HAWAIIAN BOXING CHAMP ANDY GANIGAN ON 24-HOUR WATCH IN U.S. HOSPITAL
MANILA, MAY 27, 2010 (STAR) SPORTING CHANCE By Joaquin Henson - It’s not the way former world lightweight boxing champion Andy Ganigan, (photo at left) a Hawaiian of Filipino descent, envisioned to live the rest of his life. Now, he barely talks and walks, a victim of a senseless mugging in his hometown of Waipahu.
Ganigan, 57, was viciously assaulted in a parking lot just before midnight last March. He came from the Last Stop Bar near the Highway Inn restaurant when confronted by a drunk who was later identified as a 21-year-old Hawaiian from Waianae by witnesses. Police arrested the suspect only a few days ago on a charge of second degree assault but he was released pending an investigation.
There was no indication if Ganigan provoked the attack, which has sounded a widespread alarm in Hawaii. Ganigan was inducted into the Hawaii Sports Hall of Fame in 2000 and belongs to an elite group of Hawaiian world boxing titlists with Filipino lineage – others are Dado Marino, Ben Villaflor, Jesus Salud and Brian Viloria. He is highly regarded as a sporting hero in the islands.
Because he never held a regular job, Ganigan isn’t qualified for health insurance – which is why he’s hard pressed to settle his medical bills. Relatives are staging a fund-raiser to cover his expenses at Ige’s Restaurant in Hawaii on June 8 with tickets selling for $25 each. The date coincides with the 38th anniversary of Ganigan’s second pro bout, a fourth round knockout over Fino Cortez in Honolulu in 1972.
Ganigan is undergoing rehabilitation therapy in Las Vegas where his oldest daughter and two of his five sons live. The bills became unmanageable in Hawaii, prompting his move to Las Vegas under his children’s care.
The violent mauling has left Ganigan with permanent brain damage and will be on a round-the-clock watch the rest of his life. No motive was mentioned for the attack.
Now sporting a long, white goatee, Ganigan campaigned as a prizefighter from 1972 to 1983, compiling a record of 34-5, with 30 KOs. He was once named one of the world’s 100 hardest-hitting punchers by The Ring Magazine.
“The southpaw Ganigan’s right hook was a show-stopper but so was the overhand left he liked to run down guys’ throats,” said The Ring. “Between October ‘75 and October ‘77, Ganigan scored 16 straight knockouts. After 25 fights, his record read 25-0 with 23 KOs, a knockout rate of 92 percent. There was no pretense with Ganigan. He rushed in throwing knockout punches. That was it. If you could handle it and tag him back, you stood a good chance; four of his five losses were by kayo.”
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In 1981, Ganigan captured the World Athletic Association (WAA) lightweight title by halting Sean O’Grady in the second round in Little Rock, Arkansas. O’Grady previously won the WBA crown but abdicated to fight for the vacant WAA title. The WAA was a governing body organized by O’Grady’s father Pat. O’Grady had the misfortune of absorbing the full impact of Ganigan’s blows and was floored thrice before capitulating.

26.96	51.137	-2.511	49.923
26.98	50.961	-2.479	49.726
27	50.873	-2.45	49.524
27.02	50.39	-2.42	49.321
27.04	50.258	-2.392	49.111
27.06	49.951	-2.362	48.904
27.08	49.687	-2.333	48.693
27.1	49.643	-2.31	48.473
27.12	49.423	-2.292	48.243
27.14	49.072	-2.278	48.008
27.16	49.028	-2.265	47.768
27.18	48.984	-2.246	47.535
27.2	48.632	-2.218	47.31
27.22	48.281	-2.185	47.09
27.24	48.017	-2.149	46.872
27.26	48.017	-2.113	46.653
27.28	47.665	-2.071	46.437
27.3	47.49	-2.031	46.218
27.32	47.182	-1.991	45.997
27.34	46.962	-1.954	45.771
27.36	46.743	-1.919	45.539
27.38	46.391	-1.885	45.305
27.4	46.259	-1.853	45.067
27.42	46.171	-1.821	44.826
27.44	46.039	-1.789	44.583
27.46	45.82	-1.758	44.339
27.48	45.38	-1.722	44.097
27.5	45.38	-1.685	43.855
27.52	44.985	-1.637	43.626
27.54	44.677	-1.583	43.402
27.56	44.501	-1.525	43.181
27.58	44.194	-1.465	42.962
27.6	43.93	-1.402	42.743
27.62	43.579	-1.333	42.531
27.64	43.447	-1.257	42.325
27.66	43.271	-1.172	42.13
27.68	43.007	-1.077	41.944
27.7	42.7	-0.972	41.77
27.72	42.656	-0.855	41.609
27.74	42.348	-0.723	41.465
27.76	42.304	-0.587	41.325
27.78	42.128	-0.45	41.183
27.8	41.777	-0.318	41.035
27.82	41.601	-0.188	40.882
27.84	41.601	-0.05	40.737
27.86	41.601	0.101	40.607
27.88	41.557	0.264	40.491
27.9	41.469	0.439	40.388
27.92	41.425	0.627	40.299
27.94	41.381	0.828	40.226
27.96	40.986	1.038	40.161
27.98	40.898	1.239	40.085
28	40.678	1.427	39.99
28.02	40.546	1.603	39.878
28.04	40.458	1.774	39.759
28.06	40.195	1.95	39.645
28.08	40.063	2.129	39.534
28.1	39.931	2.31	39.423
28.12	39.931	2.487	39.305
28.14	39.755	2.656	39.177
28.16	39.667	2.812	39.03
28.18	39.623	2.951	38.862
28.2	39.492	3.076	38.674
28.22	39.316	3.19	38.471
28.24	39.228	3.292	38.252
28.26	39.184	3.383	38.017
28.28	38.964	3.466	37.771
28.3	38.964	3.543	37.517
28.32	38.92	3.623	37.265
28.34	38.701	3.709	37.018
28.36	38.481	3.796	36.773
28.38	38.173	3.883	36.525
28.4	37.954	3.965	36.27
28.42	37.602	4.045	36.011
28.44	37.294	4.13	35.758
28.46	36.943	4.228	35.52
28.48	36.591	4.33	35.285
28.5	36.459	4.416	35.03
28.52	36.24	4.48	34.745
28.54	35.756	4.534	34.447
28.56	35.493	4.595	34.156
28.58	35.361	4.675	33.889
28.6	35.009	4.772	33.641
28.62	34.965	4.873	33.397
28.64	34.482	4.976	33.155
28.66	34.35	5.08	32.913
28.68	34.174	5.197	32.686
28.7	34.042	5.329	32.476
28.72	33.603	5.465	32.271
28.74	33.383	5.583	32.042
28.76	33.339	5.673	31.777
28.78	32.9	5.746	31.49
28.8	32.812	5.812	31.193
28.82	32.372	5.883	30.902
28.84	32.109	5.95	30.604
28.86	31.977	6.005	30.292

A year later, Ganigan challenged WBC lightweight titlist Alexis Arguello whose list of knockout victims included Filipinos Rolando Navarrete (1980) and Rey Tam (1978). Ganigan decked Arguello in the first round but couldn’t dispose of the slick Nicaraguan who bounced back to retain his crown on a stoppage in the fifth in Las Vegas.
In 1983, Ganigan was back in the ring to face Jimmy Paul in a USBA lightweight championship bout in Phoenix. Paul, a proficient technician, scored a sixth round technical knockout and ended Ganigan’s career.
Hawaii Star Bulletin writer Dave Reardon described Ganigan as the B. J. Penn of the ‘80s. Penn, a Hawaiian of Irish-Korean descent, is a former UFC lightweight and welterweight champion. Known as the “Prodigy,” Penn remains a star attraction in mixed martial arts promotions.
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Reardon said Ganigan is “down for the count” after the beating and “may never recover.”
In his prime, Ganigan was called “The Sugarman” because his hometown Waipahu is a sugar resource. “It (the moniker) didn’t really match his fighting style,” wrote Reardon. “He wasn’t a sweet stick-and-move artist. He was a brutal pound-and-stand-over-you artist.”
Reardon recalled Ganigan’s former trainer Al Silva once relating a story about the slugger. “He would go hide in the cane field when he was supposed to be running,” said Silva, quoted by Reardon. “When I caught him, he said, ‘Don’t worry, I won’t get tired, my fights won’t be long.’ And most of the time, the bugga was right.” Ganigan scored 30 knockouts in 34 career wins, an eye-popping rate of 88 percent with 15 coming in the first three rounds.
The tragedy is reminiscent of what happened to former world flyweight champion Jimmy (The Mighty Atom) Wilde of Wales. In 1965, Wilde was 73 when he was savagely mugged in a train station in Cardiff. Wilde never recovered from the beating and died in a hospital four years later. Wilde retired from the ring after losing the flyweight crown to the Philippines’ Pancho Villa on a seventh round knockout in New York in 1923.
Chief News Editor: Sol Jose Vanzi
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